All Blacks turn attention to Northern Tour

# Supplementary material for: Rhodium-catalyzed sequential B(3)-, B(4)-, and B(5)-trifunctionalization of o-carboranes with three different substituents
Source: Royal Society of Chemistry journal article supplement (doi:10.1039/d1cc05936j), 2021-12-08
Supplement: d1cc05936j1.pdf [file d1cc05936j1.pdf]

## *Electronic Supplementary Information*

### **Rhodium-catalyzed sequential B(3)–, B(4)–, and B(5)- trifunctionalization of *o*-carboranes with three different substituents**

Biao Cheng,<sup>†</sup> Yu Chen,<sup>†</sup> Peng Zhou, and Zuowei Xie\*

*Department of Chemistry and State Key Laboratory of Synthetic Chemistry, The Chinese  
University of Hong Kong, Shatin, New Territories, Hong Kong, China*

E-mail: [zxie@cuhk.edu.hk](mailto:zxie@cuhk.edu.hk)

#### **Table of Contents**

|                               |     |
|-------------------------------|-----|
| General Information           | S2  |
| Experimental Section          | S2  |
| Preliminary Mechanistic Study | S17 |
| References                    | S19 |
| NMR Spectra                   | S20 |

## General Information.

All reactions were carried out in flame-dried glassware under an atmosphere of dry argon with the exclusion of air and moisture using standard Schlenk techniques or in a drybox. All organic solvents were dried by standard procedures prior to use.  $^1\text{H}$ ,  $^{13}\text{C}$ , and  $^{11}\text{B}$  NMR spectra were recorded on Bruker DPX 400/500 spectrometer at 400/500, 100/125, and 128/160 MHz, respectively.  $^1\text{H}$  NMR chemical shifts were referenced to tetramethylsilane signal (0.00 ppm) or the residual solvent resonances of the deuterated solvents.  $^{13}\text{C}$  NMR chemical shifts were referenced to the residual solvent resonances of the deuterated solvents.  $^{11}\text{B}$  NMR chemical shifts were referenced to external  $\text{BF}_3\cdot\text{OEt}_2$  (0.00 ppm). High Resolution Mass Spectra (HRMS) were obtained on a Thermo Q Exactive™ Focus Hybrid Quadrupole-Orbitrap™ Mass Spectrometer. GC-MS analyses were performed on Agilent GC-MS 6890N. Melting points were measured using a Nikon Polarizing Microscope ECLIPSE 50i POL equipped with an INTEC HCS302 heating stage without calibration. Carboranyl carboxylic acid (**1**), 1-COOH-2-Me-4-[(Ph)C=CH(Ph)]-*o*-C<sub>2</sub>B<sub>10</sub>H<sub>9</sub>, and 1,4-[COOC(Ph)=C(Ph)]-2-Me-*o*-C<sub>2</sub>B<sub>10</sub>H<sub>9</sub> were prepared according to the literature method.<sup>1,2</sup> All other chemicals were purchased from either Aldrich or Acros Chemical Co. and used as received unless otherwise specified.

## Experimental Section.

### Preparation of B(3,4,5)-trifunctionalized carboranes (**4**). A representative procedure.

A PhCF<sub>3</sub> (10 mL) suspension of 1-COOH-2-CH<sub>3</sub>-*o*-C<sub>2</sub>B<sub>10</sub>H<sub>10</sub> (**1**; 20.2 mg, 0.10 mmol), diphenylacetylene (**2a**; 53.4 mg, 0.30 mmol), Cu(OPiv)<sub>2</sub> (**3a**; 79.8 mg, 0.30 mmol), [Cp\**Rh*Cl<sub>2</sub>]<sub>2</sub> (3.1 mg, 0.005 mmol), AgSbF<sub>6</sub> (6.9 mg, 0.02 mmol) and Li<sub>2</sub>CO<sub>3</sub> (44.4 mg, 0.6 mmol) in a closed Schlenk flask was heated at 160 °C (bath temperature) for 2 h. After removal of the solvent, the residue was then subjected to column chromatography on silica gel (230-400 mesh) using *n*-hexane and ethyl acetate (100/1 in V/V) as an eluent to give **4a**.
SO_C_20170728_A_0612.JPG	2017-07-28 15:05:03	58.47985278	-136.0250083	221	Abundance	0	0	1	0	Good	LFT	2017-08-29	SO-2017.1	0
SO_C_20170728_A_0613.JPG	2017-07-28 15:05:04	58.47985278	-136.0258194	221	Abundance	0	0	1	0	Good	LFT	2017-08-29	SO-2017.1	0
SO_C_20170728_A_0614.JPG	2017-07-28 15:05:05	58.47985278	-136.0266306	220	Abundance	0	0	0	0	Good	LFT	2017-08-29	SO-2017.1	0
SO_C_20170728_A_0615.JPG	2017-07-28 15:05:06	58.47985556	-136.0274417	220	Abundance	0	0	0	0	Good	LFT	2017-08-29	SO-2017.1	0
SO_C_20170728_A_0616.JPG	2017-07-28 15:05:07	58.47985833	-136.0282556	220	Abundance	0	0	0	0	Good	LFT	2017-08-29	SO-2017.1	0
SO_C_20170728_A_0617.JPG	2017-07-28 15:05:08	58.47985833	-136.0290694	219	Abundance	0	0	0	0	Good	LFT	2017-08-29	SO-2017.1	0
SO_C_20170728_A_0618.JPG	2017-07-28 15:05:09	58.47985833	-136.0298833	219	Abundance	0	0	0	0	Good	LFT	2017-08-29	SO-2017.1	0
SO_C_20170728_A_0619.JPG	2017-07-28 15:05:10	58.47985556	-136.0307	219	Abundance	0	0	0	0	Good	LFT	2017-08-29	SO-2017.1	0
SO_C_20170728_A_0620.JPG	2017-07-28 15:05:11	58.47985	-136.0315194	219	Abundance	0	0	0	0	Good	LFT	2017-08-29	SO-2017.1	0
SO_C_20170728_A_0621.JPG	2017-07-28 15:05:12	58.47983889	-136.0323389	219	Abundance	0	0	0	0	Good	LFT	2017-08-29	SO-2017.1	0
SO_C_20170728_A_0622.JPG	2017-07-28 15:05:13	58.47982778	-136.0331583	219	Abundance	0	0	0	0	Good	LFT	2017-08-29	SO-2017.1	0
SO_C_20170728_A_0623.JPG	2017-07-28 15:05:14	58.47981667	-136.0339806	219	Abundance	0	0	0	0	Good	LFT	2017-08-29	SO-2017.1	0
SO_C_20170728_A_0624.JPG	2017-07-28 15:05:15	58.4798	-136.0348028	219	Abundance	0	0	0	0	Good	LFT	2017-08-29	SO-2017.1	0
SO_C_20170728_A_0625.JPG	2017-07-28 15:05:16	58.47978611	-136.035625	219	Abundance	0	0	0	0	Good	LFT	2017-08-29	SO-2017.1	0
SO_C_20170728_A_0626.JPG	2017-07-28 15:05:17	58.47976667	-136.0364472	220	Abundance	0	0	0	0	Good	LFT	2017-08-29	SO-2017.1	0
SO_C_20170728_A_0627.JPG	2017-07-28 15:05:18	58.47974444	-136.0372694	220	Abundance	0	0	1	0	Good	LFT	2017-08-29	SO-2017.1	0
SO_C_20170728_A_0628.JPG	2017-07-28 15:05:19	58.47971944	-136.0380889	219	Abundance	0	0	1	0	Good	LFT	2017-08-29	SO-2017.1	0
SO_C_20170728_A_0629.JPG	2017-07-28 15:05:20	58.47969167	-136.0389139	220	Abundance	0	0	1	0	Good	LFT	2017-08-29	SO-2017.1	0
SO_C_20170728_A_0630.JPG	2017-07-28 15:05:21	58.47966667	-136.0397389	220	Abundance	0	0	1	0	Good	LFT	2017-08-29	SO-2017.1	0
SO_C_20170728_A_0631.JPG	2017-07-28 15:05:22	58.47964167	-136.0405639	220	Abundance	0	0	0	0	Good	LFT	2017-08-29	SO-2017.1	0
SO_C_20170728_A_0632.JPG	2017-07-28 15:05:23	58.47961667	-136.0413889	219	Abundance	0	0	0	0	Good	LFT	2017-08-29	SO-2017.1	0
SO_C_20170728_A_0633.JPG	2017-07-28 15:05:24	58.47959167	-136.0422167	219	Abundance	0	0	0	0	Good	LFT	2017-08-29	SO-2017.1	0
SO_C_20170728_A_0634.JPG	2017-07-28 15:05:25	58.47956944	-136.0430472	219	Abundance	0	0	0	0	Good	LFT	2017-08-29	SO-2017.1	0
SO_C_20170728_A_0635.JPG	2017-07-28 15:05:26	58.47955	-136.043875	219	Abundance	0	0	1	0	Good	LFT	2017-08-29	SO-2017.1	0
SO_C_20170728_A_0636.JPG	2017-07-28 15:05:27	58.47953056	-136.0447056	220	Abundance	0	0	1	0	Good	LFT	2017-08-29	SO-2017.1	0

Locking away the Lipovitan-D Rugby Championship and Bledisloe Cup for another year was one thing, but advancing on those achievements on their northern tour of Japan and Europe would be vital for the All Blacks. Coach Ian Foster said claiming the Championship was ‘very satisfying,’ especially having to win it the hard way. Northern tours were always tough due to fatigue at the end of a season and with the travel involved, but they have been helped this year by having an extra week’s break without a third Bledisloe Cup match. They have a three-day camp in Nelson and will be fresher than in previous years. They play Japan in Tokyo on October 29, Wales in Cardiff on November 6 (NZT), Scotland in Edinburgh on November 14 and England on November 20. “That’s a deliberate strategy. We’re going to get really stuck into this northern hemisphere tour. “It’s important we finish that in a position that we’ve got a really clear picture of what we’re going to do because next year’s pretty thin when you look at our prep before a World Cup,” he said. The All Blacks would have five Tests in 2023 before the World Cup, so they had to maximise their opportunities. Foster said the 2022 win was different to other Championships the All Blacks have won. “To do it from behind the eight ball at the start, and to have to climb through that was not the way we wanted. I’m really proud of the effort the boys have put in. They’ve worked hard, they’ve been open-minded about some different little things, and I think we’re starting to see the results of it.” Lessons from the campaign have been that under pressure, they stay tight and that while seeking solutions had made everyone uncomfortable at times, it had been necessary to go through with the goal of getting the performance right. They are not the finished article, which was seen again in their Eden Park win. “The building blocks are nice but there’s still a lot of finishing touches we’re not quite getting right. But what a great spot to be,” he said. Converting line breaks was one area needing attention, as was letting Australia back on the scorecard late in the game. “They’re small things, but they’ll be important things in 12 months time.” Foster felt big strides in defence and set-piece play had been made, but they were still not an 80-minute team. That was down to experience across the side. “It takes a while to get people to understand that you knock off for half a second in a Test match, you get punished. “We’ve seen signs in the last two months that we had a lot of good spells in games, but we just didn’t quite get the fact that if you don’t nail every little moment you get hurt. And once you get hurt on the scoreboard then it becomes hard to catch up.” It was about playing against different teams yet remaining in the moment and then looking to the next moment. “We’ve proven to ourselves that we can climb through adversity, and there’ll be more to come. “That’s what international rugby is about. “I’m proud of the way the team’s dealt with the pressure of not performing to the level we want and the pressure that comes with that,” Foster said. Before announcing the team for the northern tour in two weeks, he would be thinking about his options in midfield, where Jordie Barrett impressed in Saturday’s win. “What a great athlete. He’s played well for us at fullback and on the wing and now has played really well at 12 [second five-eighths]. He certainly had a big impact last night.” Foster was pleased with the development in his front row. It had been a season where they intended to put out markers, especially in seeing where their experienced players were at, and part of that was injecting a few younger players who deserved a chance. “It’s been a journey for them too. You can go back and talk about Ethan [de Groot], for example, and his journey from Super Rugby and then us having to spend six weeks getting him to the fitness levels he needed to do. But the real message is that if you’re wanting to do the work off the park then there’s opportunity. And he has taken that well.” As well as selecting their team for the northern tour, they would also choose the All Blacks XV for a two-game tour of the United Kingdom, including a game against the Barbarians on November 13 at Tottenham Stadium and one more game yet to be confirmed. Because of their schedule and the need for them to develop as a team, there would be minimal crossover between the sides, he said. Content & Images from – New Zealand Rugby The post All Blacks turn attention to Northern Tour appeared first on Huge Rugby News.